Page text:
Emma Taylor-Collins

Youth social action: Access and inclusion

Supervisors: Professor John Mohan, Dr Angela Ellis-Paine and Dr Tom Harrison

Emma Taylor, PhD studentIn Britain in recent decades, Labour, Conservative and coalition governments have promoted youth participation in social action – activities such as volunteering, campaigning, and fundraising. The last 15 years have seen the introduction of Citizenship to the National Curriculum in 2002; the establishment of initiatives such as vInspired, following the 2005 Russell Commission into youth volunteering; the government-backed National Citizen Service set up in 2010; and cross-party support for the #iwill campaign, launched in 2013 and aiming to increase the number of 10-20 year olds involved in social action by 2020. Initiatives such as these aim to widen youth participation in social action across society, by increasing the number of opportunities available and highlighting evidence of the positive benefits of youth social action for society as well as for the individual participant.

However, evidence from the #iwill campaign suggests that young people from wealthier backgrounds participate more than those from less affluent backgrounds. While it is often thought that girls are more likely to volunteer than boys, in fact the #iwill data show that this is not the case for girls from low-income backgrounds, who participate about the same amount as boys from low-income backgrounds, but significantly less than their more affluent female peers.

I am especially interested in how the influences of culture, society, school, family, and peers might affect the ability of girls from low-income backgrounds, who may be at risk of marginalisation owing to their gender, age and family income, to take part in social action over time.  My research questions are:

  • How do girls at risk of marginalisation understand their (non-)participation in social action?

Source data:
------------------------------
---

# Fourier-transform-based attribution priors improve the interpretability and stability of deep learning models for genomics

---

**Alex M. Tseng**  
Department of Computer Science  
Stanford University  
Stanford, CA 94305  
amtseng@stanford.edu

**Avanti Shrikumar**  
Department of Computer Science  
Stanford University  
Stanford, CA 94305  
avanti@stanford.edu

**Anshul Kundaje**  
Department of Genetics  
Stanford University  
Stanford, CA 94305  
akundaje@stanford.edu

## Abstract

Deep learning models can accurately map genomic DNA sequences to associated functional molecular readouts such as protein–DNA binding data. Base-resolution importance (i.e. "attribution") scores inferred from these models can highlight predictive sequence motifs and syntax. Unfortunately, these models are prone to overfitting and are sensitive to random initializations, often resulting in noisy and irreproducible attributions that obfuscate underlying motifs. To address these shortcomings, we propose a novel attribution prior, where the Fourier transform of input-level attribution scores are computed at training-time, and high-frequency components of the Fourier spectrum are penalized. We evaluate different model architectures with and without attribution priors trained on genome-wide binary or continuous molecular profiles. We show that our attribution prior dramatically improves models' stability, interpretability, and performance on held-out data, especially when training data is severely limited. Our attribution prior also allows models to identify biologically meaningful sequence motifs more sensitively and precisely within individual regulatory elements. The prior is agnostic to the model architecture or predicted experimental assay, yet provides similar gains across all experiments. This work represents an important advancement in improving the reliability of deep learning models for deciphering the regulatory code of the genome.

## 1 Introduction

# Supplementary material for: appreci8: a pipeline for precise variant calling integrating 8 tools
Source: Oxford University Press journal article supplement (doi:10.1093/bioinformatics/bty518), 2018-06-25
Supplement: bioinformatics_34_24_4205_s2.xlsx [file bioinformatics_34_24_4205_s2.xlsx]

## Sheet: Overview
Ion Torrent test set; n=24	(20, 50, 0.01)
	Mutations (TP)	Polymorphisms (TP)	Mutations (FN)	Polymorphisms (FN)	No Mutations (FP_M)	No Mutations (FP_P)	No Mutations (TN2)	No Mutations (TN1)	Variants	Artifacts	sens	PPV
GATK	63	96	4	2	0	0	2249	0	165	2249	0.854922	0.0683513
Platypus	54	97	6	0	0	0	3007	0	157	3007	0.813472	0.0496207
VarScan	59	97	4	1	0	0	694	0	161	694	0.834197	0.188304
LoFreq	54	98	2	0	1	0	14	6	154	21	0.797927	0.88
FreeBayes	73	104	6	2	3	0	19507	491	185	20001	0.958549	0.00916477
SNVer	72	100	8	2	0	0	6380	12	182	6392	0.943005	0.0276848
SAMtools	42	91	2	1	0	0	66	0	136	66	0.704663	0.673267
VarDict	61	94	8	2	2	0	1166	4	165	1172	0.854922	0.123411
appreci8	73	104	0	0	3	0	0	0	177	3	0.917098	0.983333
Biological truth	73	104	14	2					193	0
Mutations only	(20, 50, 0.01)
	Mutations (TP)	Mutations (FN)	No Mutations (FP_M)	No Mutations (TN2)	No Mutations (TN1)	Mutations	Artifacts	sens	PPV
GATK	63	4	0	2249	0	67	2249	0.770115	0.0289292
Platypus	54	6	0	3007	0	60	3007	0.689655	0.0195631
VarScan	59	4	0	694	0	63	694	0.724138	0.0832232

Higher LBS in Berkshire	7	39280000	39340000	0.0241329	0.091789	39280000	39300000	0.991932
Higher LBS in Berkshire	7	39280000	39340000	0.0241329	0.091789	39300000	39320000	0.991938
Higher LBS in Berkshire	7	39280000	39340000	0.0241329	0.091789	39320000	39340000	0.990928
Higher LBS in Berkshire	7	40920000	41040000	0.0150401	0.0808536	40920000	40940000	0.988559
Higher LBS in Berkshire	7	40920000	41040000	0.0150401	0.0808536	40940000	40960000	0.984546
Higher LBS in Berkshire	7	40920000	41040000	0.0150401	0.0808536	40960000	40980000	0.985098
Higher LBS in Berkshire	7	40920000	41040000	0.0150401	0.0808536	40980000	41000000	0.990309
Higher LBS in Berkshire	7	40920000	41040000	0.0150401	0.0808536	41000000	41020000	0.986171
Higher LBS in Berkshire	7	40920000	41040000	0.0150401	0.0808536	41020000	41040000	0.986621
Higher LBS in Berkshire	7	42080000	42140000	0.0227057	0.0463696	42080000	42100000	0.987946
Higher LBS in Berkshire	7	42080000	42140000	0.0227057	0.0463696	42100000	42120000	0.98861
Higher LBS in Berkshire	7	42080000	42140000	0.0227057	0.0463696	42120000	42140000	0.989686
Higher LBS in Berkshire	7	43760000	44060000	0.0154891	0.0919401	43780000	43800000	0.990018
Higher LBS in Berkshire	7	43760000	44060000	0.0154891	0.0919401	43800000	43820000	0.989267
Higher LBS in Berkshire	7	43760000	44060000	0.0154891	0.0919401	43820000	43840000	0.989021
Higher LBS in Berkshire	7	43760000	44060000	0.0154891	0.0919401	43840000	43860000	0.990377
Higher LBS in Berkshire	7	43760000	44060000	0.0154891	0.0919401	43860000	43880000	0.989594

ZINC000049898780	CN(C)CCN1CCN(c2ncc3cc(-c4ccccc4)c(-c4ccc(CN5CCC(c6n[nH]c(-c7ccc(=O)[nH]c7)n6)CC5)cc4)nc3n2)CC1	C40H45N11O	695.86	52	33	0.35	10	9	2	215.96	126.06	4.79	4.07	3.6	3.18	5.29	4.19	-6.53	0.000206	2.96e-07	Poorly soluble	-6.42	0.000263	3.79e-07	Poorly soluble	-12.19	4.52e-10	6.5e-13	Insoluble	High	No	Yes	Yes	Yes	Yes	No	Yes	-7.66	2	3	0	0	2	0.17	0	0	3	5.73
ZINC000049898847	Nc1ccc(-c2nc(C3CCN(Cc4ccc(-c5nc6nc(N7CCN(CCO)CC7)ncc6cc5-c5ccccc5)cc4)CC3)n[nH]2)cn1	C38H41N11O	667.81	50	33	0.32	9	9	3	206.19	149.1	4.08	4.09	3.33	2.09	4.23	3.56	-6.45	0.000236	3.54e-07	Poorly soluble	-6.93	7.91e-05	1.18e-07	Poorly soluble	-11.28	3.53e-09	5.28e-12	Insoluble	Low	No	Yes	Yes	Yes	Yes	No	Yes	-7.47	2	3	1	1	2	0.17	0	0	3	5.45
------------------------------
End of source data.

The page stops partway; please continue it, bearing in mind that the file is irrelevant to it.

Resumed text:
• How is their potential to participate in social action, and experience of social action, shaped by the marginalisation they may experience?
  • How is their potential to participate and experience of social action shaped by culture, society, school, family, peers and other influences?

My interest in multiple inequalities has led to an intersectional approach to my research, which sees beyond the individual elements of social identities – such as gender, class and race – to show how these elements mutually constitute one another and contribute to the (re)production of social hierarchies and subsequent inequalities in society, often at the level of the individual’s experience.

I plan to address my research questions through a multi-sited, ethnographic study over a period of approximately 9 months with a small number of sixth form girls who have previously been on Free School Meals.

I hope that my work will provide an original academic contribution to this field, in particular because studies in this area often explore one inequality rather than multiple inequalities when identifying barriers to involvement. A secondary outcome is the support that the research will give to the youth sector and those involved in supporting the #iwill campaign to achieve its 2020 goal. As such, I hope that the practical implications of this research will be as significant as the theoretical and empirical implications. 


I’m a part-time PhD student in the Third Sector Research Centre. I’m also a Research Associate for the Jubilee Centre for Character and Virtues at Birmingham, where I’m seconded to Step Up To Serve, the small charity running the #iwill campaign. My current research focuses on what a habit of social action is for young people.

Prior to this, I worked for youth charity Free The Children, where I was responsible for creating educational resources and writing articles and blogs, as well as writing scripts for the charity’s event We Day. I also supported the monitoring and evaluation of their programmes. I also worked for think tank Credos, where I led a number of research studies focusing on young people. My published reports include a project understanding the impact on young women’s body image of airbrushed imagery in advertising. While at Credos I also took a short secondment to English PEN as a winner of the Vodafone World of Difference programme. In my spare time I also run an editorial consultancy, Consult Write, offering proofreading, copywriting and copyediting services.

My volunteering experience includes English PEN, the Global Poverty Project, the Prince’s Trust, and Nobody Ever Told Me About Politics.


BA (Hons), History, University of Warwick

Research interests

  • Youth volunteering
  • Youth social action
  • Inequality
  • Intersectionality
  • Girlhood studies

Professional membership

  • Voluntary Sector Studies Network

Conference papers

‘Journey to 20: growing the civic core’ (panellist), Voluntary Sector and Volunteering Research Conference, Leeds Beckett University, 8-9 September 2015.


Arthur, J, Harrison, T and Taylor, E, (2015)  Building character through youth social action. Jubilee Centre for Character and Virtues.


Email: e.taylor.2@bham.ac.uk

Twitter:  @ETaylorCollins

Linkedin profile